There’s just no way that the company can be on a level playing field with its competitors because of this. Tuesday’s news of the company partnering with NCR to place 200 “Blockbuster Express” kiosks in Duane Reade Drugstores across New York City could arguably be Blockbuster’s path to salvation.

When the company is done, about 2,500 kiosks will be up and running around the country. Each will hold about 900 DVDs, which will give the movie retailer an opportunity to offer a wider selection than that of Redbox, which can only hold about 500 discs.

As the company moves to this system, it will allow Blockbuster to continue closing down its retail locations, which have become its Achilles heel. This will stink for those employees that could soon find themselves out of a job, but its just a reality of our modern digital economy.

It’s going to be very interesting to see how Redbox responds. Blockbuster eliminated its competition by simply being able to offer a broader selection of movies than its smaller competitors, and now the company that arguably pioneered the movie rental kiosk finds itself in the same situation.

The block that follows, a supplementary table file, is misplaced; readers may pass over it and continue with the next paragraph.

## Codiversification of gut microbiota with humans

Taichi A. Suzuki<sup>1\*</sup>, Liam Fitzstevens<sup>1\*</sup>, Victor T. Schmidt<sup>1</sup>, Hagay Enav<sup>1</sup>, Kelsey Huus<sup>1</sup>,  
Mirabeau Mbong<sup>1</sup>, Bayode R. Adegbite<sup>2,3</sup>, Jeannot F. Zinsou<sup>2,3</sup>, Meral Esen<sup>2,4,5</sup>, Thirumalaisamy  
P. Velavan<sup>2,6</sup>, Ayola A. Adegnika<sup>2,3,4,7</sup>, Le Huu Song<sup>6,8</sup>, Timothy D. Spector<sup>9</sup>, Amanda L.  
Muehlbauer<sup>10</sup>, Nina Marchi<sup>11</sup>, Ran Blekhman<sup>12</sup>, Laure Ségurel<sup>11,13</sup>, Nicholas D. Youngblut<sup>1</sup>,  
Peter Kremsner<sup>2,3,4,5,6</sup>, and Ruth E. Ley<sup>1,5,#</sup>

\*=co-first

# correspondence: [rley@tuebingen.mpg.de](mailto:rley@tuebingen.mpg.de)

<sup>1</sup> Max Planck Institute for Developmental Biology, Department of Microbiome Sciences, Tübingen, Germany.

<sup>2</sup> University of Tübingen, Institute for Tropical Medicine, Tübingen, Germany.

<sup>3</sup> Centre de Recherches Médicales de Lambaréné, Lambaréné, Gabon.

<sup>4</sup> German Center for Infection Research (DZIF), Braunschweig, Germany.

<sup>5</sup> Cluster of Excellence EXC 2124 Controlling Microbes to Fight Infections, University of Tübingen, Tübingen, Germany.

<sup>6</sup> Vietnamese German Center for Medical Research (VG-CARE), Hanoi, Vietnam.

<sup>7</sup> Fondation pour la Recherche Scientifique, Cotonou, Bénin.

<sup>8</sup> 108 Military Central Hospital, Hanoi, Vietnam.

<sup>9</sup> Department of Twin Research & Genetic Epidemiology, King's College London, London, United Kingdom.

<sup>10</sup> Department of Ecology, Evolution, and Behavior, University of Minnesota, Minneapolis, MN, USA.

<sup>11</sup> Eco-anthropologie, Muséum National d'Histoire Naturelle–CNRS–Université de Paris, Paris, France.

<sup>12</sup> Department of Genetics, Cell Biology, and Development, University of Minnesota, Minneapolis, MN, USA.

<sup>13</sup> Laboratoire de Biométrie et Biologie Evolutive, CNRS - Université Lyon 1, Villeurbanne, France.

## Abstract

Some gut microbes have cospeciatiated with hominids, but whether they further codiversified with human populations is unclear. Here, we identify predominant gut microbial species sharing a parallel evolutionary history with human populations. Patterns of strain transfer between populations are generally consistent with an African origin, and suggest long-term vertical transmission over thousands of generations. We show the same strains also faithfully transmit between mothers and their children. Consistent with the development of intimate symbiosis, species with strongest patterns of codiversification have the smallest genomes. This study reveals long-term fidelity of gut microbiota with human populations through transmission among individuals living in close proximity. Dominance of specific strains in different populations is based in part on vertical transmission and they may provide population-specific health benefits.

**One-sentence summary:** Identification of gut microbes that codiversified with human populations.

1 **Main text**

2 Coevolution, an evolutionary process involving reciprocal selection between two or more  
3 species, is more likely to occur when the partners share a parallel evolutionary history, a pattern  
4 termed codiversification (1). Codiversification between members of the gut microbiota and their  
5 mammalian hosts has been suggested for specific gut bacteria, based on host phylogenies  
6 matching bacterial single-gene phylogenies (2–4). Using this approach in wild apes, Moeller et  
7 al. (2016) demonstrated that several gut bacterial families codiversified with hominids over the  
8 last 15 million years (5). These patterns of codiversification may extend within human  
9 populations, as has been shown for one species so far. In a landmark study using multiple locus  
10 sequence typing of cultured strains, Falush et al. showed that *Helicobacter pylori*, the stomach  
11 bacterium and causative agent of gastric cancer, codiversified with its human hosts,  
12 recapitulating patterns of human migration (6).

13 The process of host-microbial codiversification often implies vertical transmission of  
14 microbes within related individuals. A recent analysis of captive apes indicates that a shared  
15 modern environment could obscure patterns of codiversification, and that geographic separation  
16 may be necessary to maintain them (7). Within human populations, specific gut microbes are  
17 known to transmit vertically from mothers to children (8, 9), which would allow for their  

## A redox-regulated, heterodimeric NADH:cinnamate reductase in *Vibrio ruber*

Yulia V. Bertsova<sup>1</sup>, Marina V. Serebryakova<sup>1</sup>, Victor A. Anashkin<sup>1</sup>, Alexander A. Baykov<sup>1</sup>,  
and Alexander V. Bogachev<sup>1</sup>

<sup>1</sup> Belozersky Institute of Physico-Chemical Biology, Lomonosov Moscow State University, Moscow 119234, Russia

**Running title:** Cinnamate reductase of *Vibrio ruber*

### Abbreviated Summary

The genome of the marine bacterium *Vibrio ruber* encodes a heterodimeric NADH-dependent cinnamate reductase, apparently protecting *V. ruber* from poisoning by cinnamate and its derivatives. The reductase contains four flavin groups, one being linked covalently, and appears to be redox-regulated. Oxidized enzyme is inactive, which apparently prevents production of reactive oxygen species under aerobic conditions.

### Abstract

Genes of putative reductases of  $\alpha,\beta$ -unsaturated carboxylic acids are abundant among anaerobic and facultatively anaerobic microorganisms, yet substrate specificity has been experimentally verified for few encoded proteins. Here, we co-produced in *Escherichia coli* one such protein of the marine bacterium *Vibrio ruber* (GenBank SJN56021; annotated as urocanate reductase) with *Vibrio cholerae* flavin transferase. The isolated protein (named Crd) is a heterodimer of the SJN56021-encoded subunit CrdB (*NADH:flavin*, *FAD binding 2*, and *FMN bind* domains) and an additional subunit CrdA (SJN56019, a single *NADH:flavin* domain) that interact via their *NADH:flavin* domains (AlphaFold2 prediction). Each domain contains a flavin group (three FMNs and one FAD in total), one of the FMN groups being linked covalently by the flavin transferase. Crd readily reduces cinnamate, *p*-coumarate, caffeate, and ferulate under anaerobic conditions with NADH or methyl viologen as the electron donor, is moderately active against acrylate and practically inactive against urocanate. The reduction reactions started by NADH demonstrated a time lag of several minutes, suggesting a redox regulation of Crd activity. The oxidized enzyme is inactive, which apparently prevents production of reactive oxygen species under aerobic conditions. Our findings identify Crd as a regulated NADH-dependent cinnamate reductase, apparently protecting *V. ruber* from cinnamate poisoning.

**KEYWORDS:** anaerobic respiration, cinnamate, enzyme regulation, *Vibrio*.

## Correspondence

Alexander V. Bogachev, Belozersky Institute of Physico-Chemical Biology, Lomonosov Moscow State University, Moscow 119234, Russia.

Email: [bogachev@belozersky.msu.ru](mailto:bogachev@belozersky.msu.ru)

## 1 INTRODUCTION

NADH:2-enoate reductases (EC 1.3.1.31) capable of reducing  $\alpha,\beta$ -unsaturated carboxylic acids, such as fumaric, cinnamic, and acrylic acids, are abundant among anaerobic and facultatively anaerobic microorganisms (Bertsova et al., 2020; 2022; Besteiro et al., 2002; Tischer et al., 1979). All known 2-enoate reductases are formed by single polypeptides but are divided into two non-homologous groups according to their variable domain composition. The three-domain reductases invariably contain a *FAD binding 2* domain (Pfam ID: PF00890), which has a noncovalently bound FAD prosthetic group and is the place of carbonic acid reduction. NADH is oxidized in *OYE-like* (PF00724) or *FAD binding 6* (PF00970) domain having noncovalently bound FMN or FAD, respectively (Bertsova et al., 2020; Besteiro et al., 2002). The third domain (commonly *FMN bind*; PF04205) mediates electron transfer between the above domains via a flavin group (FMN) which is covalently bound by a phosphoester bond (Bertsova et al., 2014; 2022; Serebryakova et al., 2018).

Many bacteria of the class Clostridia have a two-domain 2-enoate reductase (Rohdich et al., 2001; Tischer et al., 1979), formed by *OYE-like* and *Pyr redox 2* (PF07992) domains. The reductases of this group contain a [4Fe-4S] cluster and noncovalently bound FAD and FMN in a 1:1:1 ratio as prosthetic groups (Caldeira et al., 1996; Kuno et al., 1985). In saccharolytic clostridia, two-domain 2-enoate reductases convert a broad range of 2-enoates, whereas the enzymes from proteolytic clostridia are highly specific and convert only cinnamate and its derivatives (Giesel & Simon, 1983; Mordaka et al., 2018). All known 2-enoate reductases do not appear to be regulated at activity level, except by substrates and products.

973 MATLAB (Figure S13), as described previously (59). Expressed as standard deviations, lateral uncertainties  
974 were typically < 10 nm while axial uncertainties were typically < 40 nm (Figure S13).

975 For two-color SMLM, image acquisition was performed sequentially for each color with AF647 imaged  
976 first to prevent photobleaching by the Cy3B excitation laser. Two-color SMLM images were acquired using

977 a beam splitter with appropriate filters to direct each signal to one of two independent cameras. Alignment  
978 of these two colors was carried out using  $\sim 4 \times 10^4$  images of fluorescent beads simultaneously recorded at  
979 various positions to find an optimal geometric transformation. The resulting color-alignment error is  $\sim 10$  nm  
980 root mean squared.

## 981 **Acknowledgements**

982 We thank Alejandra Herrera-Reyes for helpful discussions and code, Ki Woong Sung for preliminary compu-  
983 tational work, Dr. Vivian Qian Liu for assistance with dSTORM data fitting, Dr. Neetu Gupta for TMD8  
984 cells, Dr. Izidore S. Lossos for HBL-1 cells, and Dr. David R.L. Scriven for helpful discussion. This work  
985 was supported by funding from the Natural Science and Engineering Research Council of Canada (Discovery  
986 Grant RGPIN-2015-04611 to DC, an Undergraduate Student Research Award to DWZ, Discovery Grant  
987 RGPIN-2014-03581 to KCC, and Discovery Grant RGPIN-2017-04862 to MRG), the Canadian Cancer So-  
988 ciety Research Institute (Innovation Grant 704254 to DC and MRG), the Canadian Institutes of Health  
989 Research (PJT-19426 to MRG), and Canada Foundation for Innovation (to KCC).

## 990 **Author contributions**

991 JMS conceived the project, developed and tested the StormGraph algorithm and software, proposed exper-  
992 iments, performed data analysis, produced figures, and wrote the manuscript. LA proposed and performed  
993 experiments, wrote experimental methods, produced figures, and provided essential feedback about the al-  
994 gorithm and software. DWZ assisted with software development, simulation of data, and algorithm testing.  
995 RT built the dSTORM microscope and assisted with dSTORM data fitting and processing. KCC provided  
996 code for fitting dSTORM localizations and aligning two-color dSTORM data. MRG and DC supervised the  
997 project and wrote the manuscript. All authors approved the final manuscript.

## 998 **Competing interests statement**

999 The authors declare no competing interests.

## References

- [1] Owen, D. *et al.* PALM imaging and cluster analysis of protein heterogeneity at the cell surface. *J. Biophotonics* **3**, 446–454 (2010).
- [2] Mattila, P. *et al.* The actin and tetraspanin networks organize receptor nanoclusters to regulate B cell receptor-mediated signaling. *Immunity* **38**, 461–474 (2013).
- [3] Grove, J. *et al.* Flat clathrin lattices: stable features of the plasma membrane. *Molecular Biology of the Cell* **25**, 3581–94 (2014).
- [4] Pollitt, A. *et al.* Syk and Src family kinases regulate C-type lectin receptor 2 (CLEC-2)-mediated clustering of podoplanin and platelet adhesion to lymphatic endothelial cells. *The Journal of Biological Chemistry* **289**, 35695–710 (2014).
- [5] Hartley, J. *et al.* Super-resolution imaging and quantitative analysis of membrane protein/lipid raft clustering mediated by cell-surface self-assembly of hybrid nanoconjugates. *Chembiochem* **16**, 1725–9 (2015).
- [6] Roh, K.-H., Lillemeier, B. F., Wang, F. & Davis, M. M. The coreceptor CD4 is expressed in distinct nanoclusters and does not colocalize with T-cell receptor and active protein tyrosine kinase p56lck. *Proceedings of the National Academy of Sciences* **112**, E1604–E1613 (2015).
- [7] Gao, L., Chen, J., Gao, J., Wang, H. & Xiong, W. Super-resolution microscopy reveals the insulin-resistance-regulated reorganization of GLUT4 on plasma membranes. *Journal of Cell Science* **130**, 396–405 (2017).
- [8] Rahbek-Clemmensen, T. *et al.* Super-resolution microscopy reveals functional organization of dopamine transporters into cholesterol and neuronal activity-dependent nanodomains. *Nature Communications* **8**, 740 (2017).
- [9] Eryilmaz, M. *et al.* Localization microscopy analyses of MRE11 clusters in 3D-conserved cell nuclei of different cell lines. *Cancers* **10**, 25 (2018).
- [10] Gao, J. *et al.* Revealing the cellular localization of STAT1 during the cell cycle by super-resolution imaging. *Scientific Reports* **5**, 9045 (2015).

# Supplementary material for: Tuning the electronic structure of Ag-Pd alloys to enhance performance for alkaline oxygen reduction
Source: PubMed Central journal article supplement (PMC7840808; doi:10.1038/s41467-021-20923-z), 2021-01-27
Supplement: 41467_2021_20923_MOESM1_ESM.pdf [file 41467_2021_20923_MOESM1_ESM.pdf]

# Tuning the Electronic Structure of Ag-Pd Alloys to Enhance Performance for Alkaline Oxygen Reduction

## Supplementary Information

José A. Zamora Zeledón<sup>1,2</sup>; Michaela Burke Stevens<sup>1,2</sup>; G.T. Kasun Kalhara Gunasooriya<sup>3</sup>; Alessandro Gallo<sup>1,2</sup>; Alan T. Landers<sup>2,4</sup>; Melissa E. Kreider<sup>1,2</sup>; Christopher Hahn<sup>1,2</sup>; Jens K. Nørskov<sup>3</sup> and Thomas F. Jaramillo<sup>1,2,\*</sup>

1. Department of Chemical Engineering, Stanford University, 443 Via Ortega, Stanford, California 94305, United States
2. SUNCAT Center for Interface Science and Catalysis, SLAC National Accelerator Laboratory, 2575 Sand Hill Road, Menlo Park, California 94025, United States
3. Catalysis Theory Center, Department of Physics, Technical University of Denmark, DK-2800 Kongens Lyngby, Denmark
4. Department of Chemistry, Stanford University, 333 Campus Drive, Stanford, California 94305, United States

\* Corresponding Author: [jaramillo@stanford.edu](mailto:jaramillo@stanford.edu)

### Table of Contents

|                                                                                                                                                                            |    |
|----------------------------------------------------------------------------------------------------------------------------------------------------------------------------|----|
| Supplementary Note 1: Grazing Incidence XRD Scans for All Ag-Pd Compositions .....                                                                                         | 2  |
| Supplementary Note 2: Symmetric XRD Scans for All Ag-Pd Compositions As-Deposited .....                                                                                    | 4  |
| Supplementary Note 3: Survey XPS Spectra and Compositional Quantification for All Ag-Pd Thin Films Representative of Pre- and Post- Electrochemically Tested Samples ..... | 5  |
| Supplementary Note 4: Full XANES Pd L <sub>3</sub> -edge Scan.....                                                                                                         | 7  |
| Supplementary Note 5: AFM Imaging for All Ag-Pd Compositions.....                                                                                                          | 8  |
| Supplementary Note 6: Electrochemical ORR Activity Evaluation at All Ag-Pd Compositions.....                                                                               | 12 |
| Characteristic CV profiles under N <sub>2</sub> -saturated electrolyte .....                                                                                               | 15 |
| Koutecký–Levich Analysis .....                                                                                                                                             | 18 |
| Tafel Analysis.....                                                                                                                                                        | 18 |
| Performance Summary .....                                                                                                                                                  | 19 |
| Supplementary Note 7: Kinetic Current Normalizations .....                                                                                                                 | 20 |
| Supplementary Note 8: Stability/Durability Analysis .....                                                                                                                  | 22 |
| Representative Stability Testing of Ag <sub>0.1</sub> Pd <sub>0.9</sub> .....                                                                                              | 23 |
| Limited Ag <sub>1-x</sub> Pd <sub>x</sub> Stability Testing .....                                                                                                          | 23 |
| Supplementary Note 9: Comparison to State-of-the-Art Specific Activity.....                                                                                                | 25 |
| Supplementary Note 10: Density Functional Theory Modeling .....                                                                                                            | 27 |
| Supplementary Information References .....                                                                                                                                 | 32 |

One thing it has so far as an advantage over Blockbuster is scale — some 17,500 kiosks are located in McDonald’s, Wal Marts, Walgreens, and other grocery and drug stores around the country. Blockbuster will need to quickly ramp up to legitimately compete.


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Gaming in Theaters Sounds Cool, Won’t Be Easy

theaterscreenAs a gamer, I’m enamored with the idea of playing a shoot-em-up on a 50-foot screen, surrounded by Dolby audio. And I can’t be the only one.

Unfortunately, these incidents are rare, but on Monday and Tuesday, the stars will align, and Sony will let people in four U.S. theaters try the upcoming (and universally lauded) Uncharted 2: Among Thieves for the Playstation 3.

If you don’t happen to live in Rosemont, Ill., Bellvue, Wash., San Francisco or Thousand Oaks, Calif., there’s good news: In a Reuters interview, Mike Fidler, Sony’s senior vice president of Digital Cinema Solutions and Services, suggests that this isn’t a one-off thing. In explaining that he wants more theaters to go digital, Fidler said that gaming “will be an important part of that equation.”